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Hypertrophic cardiomyopathy


Hypertrophic cardiomyopathy (HCM) is a cardiac condition where part of the heart muscle is thickened (hypertrophy). This usually takes place in the wall (septum) between the two bottom chambers (ventricles) of the heart. As a result, it blocks or reduces the blood flow from the left ventricle to the aorta and forces the heart to pump harder.

HCM is the most common genetic heart disease in Europe and the USA, with an estimate of 1 person for every 500. It can be passed from parents to children, and when someone has been diagnosed with HCM, first degree relatives, which include siblings and parents, should also be checked.


Many people with hypertrophic cardiomyopathy don’t have any symptoms, while others may only feel symptoms when they exercise. Signs and symptoms of HCM include shortness of breath, exertional chest pain, dizziness, fainting, fatigue, swollen legs, or palpitations, which are the sensation of a fast, fluttering or pounding heartbeat.


If you have any symptoms of an HCM, or if someone in your immediate family was diagnosed, your medical team may recommend further testing. These include: 

An electrocardiogram (ECG) measures the electrical activity of your heart. It can check whether your heart is beating regularly and show the pace of your heartbeat. 

Echocardiogram a test that uses ultrasound to create imaging of the beating heart. An echocardiogram can estimate if the heart chambers and valves are healthy or damaged.

Trans-oesophageal echocardiogram gives a more detailed imaging of the heart structures. The doctor will use a small probe that will inserted through the mouth down to a structure called oesophagus (a tube that connects your mouth to the stomach). A light sedation is required for this procedure, to make the patient comfortable.

Cardiac MRI. Magnetic resonance uses powerful magnetic fields to build a detailed image of the cardiovascular system. It’s a non-invasive test and can give multiple figures with regards of the heart condition. It can help to evaluate the anatomy and function of the heart chambers, heart valves, size of and blood flow through major vessels, and the surrounding structures such as the pericardium. It can diagnose a variety of cardiovascular disorders including anomalies like HCM.

A Holter monitor test involves attaching sensors to adhesive pads that are placed on your chest and connected to a portable device that records your heart’s electrical activity during your normal day, usually for 24 or 48 hours. This test checks how your day-to-day activities impact your heartbeat, and whether your heartbeat remains regular over a long period of time. During this test you will also be asked to keep a log of what you did, noting for example when you ate, when you slept and what sorts of tasks you performed.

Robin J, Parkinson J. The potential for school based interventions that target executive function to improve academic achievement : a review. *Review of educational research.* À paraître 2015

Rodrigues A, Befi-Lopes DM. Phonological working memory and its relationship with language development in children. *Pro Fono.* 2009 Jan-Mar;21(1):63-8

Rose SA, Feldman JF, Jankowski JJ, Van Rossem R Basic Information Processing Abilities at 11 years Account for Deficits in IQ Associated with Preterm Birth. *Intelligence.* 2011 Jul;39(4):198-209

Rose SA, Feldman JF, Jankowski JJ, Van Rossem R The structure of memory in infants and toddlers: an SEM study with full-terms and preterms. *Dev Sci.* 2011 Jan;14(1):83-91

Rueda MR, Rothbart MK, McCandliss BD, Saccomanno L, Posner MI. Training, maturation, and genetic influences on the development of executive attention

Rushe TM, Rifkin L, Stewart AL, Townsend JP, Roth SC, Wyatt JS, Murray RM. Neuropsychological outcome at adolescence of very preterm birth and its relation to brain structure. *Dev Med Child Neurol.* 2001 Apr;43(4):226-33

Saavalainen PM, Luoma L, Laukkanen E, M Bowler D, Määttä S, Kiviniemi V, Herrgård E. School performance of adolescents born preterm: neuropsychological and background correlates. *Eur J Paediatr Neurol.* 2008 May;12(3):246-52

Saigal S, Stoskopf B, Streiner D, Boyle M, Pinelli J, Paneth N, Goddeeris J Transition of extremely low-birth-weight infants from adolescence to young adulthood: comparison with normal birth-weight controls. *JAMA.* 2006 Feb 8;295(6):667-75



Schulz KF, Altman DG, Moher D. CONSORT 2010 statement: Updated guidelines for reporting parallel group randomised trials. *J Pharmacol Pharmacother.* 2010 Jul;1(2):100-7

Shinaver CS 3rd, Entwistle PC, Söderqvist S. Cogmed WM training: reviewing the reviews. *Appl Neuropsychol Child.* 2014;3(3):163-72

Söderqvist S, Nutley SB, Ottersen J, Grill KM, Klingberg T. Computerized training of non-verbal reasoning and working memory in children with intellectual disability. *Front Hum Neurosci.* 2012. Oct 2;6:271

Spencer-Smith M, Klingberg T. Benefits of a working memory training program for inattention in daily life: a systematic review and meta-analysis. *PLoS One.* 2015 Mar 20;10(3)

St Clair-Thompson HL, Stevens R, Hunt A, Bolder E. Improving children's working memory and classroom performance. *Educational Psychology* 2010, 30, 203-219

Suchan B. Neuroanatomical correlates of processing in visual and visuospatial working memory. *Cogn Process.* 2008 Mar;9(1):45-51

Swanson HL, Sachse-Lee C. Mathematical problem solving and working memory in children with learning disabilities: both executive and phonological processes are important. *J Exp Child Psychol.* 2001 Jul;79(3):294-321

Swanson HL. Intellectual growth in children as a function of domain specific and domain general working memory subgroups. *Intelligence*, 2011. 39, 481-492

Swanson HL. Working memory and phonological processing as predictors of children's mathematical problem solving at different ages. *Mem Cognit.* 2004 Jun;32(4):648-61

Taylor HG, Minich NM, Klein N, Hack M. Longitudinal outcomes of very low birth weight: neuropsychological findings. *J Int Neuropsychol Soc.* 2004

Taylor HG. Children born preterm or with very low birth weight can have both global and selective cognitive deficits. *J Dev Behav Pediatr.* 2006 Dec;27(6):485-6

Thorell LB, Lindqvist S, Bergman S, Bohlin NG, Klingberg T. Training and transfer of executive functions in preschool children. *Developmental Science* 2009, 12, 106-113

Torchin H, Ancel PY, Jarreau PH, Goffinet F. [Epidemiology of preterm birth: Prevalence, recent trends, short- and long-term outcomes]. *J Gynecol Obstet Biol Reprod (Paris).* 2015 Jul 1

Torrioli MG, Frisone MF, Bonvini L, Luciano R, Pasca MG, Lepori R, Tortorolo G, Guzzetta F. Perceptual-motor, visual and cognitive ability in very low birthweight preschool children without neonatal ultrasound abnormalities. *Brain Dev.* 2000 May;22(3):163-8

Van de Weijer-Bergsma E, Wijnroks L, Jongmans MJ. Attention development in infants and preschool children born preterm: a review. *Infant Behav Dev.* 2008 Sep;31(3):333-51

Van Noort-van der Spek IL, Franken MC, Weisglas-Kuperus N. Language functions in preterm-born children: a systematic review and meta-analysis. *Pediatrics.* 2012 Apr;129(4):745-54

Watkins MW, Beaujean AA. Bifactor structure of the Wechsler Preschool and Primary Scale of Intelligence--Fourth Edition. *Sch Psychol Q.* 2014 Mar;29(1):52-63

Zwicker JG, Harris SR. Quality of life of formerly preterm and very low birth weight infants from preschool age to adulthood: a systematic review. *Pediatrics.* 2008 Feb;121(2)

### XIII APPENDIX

Genetic testing can show if HCM runs in your family, and is particularly useful if you have a close relative who is diagnosed with HCM, but you don’t exhibit any symptoms. It can also reveal the chances of parents passing the genes on to their children.


Medications may be prescribed to help manage and partially relieve your symptoms, however depending on the severity of your case, your medical team may recommend surgical or interventional treatments.

A septal myectomy, also called septal reduction therapy, is a surgery where part of the thickened, overgrown heart wall is removed, and as a result, blood flows more easily. During the operation, the patient undergoes general anesthesia. In some cases, the cardiac surgery team  may be able to perform minimally invasive heart surgery, where smaller incisions than those made for open-heart surgery, are used. After a consultation, a cardiac surgeon will arrange all the necessary tests prior to the operation.

After the operation, the patient will stay in our cardiac intensive care ward for 1-2 days while they recover, then they will be transferred to our regular ward. The average hospital stay after a septal myectomy is 5-7 days, but this varies depending on the patient’s pre-operative clinical condition.

An alcohol septal ablation is a percutaneous procedure where ethanol (a type of alcohol) is injected through a tube into the small artery that supplies blood to the area of the thickened heart muscle This causes the tissue to shrink to a more normal size. It’s recommended for older patients with other medical conditions who are not suitable for surgical operation.


At the GMI, we have a state-of-the-art facility for patients affected by cardiac diseases, which includes our Cardiovascular Diagnostic Center, Cardiology Catheterization Laboratory, Cardiac Surgery Theatre, Hybrid Theatre and Cardiac Intensive Care Unit

Our team of internationally recognized heart doctors (cardioradiologists, cardiologists, cardiac surgeons and cardioanaesthetist) will guide you through the whole process, from your diagnostic work-up to your treatment and post-treatment care. We are committed to providing the best treatment options to each of our patients. The GMI team will never offer a simple “one size fits all” approach to any patient. We believe each patient’s case is as individual as they are and strive to find the best solution for each of our patients, taking their specific case and diagnosis, their lifestyle, and choices into account.

24-hour Emergency Helpline

(+357) 25 208 000

Emergencies are not yet accredited of the General Health Care System

(+357) 25 208 000

Emergencies are not yet accredited of the General Health Care System.


Dr. Aris Angouridis

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